Castalagin from Anogeissus leiocarpus mediates the killing of Leishmania in vitro
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- Shuaibu, M.N., Pandey, K., Wuyep, P.A. et al. Parasitol Res (2008) 103: 1333. doi:10.1007/s00436-008-1137-7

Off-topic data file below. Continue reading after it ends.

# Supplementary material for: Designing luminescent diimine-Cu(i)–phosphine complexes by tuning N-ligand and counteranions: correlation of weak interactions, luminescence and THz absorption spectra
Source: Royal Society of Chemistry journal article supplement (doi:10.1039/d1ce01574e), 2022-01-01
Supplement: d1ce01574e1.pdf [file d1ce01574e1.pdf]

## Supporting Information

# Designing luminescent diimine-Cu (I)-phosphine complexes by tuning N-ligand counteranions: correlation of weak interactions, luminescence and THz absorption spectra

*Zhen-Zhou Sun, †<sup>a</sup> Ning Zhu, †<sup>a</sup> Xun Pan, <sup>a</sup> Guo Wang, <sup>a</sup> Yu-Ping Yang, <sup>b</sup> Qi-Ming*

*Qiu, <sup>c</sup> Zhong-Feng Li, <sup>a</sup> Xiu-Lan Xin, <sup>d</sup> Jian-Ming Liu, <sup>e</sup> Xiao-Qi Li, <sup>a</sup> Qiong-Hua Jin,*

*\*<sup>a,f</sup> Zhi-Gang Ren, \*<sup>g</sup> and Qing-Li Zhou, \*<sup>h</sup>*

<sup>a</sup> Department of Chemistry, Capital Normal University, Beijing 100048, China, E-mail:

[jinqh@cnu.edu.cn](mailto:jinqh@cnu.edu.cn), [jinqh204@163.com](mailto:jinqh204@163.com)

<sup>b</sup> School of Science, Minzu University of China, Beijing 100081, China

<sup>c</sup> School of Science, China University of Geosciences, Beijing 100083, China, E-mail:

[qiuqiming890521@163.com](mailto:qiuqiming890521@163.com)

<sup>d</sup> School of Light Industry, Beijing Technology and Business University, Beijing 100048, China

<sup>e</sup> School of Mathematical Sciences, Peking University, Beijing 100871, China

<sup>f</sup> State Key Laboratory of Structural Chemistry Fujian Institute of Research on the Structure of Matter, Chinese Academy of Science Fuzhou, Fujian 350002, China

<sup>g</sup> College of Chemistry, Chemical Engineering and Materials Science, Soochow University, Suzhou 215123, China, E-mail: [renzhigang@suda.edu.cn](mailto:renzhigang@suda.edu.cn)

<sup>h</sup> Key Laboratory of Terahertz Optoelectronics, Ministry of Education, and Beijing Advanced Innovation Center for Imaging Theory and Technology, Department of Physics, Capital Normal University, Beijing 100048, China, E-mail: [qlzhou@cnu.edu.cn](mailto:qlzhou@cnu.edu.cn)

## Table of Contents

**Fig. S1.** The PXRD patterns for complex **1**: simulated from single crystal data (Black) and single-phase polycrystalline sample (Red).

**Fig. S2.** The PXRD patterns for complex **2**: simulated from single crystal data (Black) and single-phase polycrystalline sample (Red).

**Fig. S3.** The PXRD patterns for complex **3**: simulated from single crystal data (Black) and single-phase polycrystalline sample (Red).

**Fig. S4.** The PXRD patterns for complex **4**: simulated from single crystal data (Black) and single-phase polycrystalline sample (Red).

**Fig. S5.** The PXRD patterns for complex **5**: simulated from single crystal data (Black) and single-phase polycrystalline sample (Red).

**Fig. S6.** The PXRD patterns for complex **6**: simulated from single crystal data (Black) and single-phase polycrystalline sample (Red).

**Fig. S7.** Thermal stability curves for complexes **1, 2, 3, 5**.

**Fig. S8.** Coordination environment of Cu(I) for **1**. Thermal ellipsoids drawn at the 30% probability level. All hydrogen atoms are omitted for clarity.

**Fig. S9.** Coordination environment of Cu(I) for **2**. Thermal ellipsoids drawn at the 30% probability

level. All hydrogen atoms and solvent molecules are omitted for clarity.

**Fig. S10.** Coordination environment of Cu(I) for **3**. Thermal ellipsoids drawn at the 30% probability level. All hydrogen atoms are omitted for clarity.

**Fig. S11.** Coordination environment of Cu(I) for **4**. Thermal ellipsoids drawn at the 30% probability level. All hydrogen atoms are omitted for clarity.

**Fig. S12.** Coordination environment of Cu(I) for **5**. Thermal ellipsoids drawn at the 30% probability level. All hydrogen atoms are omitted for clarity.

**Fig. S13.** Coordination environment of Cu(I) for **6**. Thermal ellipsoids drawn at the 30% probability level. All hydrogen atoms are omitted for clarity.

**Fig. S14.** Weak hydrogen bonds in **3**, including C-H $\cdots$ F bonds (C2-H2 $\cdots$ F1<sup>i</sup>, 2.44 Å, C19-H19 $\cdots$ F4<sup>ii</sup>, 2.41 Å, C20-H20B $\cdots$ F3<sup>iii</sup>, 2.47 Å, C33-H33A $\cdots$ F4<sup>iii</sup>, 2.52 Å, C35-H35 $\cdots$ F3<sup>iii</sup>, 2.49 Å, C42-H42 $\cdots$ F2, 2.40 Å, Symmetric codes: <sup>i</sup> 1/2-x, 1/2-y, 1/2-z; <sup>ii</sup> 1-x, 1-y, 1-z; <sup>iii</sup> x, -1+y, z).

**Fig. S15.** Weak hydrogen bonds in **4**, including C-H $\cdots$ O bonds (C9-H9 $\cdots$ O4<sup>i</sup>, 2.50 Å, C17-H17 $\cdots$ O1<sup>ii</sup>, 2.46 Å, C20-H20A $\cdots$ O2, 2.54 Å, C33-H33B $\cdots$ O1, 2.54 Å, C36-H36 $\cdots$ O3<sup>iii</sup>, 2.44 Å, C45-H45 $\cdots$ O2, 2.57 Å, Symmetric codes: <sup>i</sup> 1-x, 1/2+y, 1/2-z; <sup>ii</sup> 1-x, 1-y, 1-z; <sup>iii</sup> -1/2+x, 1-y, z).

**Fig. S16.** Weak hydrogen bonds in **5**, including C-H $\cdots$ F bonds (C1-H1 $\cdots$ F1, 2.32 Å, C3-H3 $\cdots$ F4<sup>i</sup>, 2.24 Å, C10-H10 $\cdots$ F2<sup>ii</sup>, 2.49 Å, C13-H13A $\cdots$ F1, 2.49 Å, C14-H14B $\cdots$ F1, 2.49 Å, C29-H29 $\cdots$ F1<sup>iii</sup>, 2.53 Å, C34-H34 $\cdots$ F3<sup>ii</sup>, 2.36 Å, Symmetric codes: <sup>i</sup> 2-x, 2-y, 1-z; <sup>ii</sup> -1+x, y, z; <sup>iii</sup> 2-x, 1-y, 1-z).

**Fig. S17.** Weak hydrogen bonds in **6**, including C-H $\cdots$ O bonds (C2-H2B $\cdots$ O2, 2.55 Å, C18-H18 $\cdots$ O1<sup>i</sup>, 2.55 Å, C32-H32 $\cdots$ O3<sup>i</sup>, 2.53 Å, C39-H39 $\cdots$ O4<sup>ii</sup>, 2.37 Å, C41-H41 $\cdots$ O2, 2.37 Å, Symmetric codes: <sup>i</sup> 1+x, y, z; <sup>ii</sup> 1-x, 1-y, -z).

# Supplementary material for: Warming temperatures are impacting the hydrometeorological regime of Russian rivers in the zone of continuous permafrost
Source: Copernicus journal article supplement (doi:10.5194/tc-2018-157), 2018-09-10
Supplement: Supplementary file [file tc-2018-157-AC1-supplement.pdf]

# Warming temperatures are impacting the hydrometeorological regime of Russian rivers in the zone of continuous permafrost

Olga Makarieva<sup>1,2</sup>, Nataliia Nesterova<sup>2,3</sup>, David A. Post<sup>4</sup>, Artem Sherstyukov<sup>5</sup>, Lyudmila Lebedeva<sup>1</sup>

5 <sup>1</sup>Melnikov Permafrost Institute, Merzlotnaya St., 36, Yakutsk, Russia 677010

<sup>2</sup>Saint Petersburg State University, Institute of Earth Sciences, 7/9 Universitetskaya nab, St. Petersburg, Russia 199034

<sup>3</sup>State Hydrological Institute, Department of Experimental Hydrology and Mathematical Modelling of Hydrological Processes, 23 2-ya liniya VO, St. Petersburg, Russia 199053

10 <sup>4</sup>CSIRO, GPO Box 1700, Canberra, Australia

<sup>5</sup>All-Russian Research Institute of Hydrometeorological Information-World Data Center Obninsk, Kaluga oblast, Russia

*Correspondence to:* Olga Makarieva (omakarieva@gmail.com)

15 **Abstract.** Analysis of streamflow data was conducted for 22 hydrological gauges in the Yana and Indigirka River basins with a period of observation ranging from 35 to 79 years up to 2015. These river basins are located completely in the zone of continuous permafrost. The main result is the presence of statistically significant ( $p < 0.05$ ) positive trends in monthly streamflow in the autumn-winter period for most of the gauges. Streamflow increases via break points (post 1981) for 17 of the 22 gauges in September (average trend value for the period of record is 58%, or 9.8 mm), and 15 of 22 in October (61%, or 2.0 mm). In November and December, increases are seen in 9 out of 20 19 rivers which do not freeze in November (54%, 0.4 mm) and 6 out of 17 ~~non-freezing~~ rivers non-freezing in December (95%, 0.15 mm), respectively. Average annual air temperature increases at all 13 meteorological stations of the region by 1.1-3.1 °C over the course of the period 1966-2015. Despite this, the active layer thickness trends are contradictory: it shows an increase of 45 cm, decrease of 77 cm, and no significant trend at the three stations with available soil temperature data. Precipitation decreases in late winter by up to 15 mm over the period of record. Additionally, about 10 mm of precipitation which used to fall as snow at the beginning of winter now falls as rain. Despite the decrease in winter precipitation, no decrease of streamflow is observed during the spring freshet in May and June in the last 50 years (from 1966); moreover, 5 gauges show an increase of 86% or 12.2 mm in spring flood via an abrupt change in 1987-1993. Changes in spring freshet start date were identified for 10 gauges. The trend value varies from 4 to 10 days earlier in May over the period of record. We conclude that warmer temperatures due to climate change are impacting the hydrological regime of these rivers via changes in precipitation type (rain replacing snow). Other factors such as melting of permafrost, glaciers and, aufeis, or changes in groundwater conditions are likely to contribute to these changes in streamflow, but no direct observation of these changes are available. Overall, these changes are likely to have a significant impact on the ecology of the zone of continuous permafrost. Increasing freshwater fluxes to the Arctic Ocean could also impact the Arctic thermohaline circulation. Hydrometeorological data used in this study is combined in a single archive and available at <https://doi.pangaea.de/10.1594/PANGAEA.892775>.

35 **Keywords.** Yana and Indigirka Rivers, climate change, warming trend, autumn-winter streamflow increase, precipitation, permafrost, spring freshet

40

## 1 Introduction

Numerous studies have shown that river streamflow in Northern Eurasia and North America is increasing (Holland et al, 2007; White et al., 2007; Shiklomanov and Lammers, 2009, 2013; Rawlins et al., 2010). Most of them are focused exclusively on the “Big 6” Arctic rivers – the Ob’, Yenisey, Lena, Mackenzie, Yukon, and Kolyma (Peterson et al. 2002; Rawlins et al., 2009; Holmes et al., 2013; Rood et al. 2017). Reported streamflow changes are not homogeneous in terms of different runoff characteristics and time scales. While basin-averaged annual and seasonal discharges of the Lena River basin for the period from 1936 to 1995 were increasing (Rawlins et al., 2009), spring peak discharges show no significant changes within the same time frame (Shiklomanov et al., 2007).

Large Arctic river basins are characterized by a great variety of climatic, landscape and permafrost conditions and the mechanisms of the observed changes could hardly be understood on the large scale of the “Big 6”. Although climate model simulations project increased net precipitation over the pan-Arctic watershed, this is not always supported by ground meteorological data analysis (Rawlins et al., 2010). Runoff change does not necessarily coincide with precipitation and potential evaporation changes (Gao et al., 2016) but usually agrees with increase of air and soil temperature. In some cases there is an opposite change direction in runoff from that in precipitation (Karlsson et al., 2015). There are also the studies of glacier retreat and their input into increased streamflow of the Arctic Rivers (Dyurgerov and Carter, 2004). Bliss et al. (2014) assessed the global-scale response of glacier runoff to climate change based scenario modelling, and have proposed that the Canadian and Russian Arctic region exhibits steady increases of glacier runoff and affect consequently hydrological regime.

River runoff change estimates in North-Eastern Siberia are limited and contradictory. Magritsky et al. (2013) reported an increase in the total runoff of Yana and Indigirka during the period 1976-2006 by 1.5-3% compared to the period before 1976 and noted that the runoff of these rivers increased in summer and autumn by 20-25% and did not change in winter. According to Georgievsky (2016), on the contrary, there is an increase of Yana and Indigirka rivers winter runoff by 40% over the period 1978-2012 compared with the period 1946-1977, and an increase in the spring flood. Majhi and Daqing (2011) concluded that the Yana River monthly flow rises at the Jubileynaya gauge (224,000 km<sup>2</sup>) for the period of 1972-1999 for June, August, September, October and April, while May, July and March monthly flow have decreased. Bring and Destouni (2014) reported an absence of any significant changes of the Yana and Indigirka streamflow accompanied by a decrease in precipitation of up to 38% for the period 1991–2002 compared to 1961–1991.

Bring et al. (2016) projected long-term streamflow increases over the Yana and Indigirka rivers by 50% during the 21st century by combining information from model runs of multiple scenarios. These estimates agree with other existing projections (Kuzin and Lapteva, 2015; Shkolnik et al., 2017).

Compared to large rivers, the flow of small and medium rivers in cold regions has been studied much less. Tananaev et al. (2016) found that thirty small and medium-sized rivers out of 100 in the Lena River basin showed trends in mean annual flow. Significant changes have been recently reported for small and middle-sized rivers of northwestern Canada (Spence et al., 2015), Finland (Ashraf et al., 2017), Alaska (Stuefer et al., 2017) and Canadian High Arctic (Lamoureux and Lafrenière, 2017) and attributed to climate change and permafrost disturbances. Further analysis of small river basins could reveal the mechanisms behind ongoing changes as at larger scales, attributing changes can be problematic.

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Stem barks of Anogeissus leiocarpus and Terminalia avicennoides widely used in Africa for treatment of some parasitic diseases were collected and made into methanolic extracts. The extracts were tested on four strains of promastigote forms of Leishmania in vitro. Solvent fractionation in aqueous, butanolic, and ethyl acetate layer indicated butanol and aqueous fractions to have a superior leishmanicidal activity. Chromatographic separation of the butanolic fraction on Sephadex LH-20 followed by nuclear magnetic resonance and correlation high-performance liquid chromatography revealed the presence of known hydrolyzable tannins and some related compounds—with castalagin as the major compound. The observed activity ranged from 62.5 to ≥150, 112.5 to ≥500, and 55 to >150 μg/ml for the crude methanolic extract, different solvent fractions, and the isolated compounds, respectively, on the four different Leishmania strains.